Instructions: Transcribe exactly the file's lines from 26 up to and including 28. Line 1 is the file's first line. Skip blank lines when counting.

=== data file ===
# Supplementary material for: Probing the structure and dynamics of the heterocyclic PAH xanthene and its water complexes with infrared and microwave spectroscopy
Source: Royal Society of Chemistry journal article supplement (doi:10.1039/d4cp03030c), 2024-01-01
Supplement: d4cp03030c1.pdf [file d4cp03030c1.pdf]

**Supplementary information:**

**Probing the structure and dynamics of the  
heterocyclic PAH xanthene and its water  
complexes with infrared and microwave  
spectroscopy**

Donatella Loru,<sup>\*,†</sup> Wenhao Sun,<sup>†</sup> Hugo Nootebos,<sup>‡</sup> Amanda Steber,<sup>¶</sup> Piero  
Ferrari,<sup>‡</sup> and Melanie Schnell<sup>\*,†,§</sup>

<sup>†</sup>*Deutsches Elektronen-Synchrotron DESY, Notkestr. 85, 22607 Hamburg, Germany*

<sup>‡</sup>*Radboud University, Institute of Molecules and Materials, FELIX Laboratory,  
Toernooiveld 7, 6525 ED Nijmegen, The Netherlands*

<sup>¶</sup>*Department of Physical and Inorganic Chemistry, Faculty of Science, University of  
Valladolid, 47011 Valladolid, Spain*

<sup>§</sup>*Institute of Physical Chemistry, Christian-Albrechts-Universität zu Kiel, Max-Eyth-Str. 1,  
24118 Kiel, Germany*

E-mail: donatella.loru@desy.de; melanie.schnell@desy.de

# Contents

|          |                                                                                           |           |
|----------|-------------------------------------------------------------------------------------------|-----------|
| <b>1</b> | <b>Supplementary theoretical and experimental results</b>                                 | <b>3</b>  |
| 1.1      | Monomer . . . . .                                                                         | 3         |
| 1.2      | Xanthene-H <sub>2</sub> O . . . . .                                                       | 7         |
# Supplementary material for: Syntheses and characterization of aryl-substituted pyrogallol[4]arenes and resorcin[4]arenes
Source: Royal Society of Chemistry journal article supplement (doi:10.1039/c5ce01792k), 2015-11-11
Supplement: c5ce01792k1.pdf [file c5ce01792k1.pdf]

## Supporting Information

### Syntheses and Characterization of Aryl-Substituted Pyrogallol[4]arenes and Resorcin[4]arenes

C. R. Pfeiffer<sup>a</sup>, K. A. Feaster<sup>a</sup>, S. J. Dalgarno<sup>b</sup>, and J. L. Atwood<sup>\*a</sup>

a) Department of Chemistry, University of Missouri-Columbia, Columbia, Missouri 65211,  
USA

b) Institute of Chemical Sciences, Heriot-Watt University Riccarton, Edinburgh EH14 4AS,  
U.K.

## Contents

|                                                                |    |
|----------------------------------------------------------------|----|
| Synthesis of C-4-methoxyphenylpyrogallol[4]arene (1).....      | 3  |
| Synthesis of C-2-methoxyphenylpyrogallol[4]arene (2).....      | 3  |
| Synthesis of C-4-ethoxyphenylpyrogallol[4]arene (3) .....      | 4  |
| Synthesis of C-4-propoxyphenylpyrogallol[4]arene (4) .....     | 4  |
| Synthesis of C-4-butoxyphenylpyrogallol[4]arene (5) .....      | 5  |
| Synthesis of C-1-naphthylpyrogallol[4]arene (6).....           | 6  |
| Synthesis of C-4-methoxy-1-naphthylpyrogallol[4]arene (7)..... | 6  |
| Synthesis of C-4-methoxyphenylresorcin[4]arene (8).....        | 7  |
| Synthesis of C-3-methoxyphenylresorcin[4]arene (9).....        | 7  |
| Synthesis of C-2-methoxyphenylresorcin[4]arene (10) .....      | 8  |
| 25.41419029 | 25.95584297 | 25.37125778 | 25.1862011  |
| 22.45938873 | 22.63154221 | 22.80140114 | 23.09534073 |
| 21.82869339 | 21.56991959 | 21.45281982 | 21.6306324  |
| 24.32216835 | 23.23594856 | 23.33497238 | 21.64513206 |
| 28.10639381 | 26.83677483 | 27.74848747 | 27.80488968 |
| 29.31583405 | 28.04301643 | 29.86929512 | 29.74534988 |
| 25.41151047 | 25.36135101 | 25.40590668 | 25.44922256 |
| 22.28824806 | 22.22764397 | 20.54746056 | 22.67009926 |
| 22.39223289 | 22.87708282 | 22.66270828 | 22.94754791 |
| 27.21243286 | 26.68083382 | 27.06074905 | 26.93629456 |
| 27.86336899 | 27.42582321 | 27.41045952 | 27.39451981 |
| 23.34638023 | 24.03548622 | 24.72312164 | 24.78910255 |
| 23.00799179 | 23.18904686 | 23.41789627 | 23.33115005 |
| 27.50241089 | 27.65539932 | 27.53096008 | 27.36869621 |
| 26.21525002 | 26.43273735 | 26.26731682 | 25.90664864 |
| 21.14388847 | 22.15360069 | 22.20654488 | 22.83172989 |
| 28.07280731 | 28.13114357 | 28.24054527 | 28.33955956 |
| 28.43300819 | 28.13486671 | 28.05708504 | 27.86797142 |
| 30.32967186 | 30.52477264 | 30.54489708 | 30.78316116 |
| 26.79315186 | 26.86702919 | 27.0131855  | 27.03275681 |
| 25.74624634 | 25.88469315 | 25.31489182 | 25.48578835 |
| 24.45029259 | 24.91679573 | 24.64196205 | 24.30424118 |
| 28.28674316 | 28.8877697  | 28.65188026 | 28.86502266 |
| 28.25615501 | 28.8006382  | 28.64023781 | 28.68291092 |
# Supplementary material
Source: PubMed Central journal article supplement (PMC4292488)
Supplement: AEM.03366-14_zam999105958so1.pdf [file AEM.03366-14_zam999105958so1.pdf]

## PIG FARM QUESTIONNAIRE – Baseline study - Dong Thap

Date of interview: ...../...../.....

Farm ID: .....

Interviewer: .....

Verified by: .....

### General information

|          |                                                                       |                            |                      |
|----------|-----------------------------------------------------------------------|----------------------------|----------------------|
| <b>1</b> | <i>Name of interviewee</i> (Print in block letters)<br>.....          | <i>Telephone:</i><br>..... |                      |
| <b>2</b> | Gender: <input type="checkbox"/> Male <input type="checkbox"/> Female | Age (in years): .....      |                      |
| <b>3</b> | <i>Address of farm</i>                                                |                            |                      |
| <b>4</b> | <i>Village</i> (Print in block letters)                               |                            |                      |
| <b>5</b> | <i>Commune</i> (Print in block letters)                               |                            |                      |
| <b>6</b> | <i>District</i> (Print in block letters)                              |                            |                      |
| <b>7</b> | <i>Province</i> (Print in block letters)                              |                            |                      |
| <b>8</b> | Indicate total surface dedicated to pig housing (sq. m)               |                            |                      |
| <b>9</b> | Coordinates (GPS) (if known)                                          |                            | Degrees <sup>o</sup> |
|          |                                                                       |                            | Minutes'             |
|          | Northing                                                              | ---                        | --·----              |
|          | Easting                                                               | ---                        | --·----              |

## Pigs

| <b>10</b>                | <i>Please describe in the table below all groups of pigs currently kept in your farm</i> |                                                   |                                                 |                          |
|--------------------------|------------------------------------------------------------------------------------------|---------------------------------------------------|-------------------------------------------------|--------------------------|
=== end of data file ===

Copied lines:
Source: Royal Society of Chemistry journal article supplement (doi:10.1039/c5ce01792k), 2015-11-11
Supplement: c5ce01792k1.pdf [file c5ce01792k1.pdf]

## Supporting Information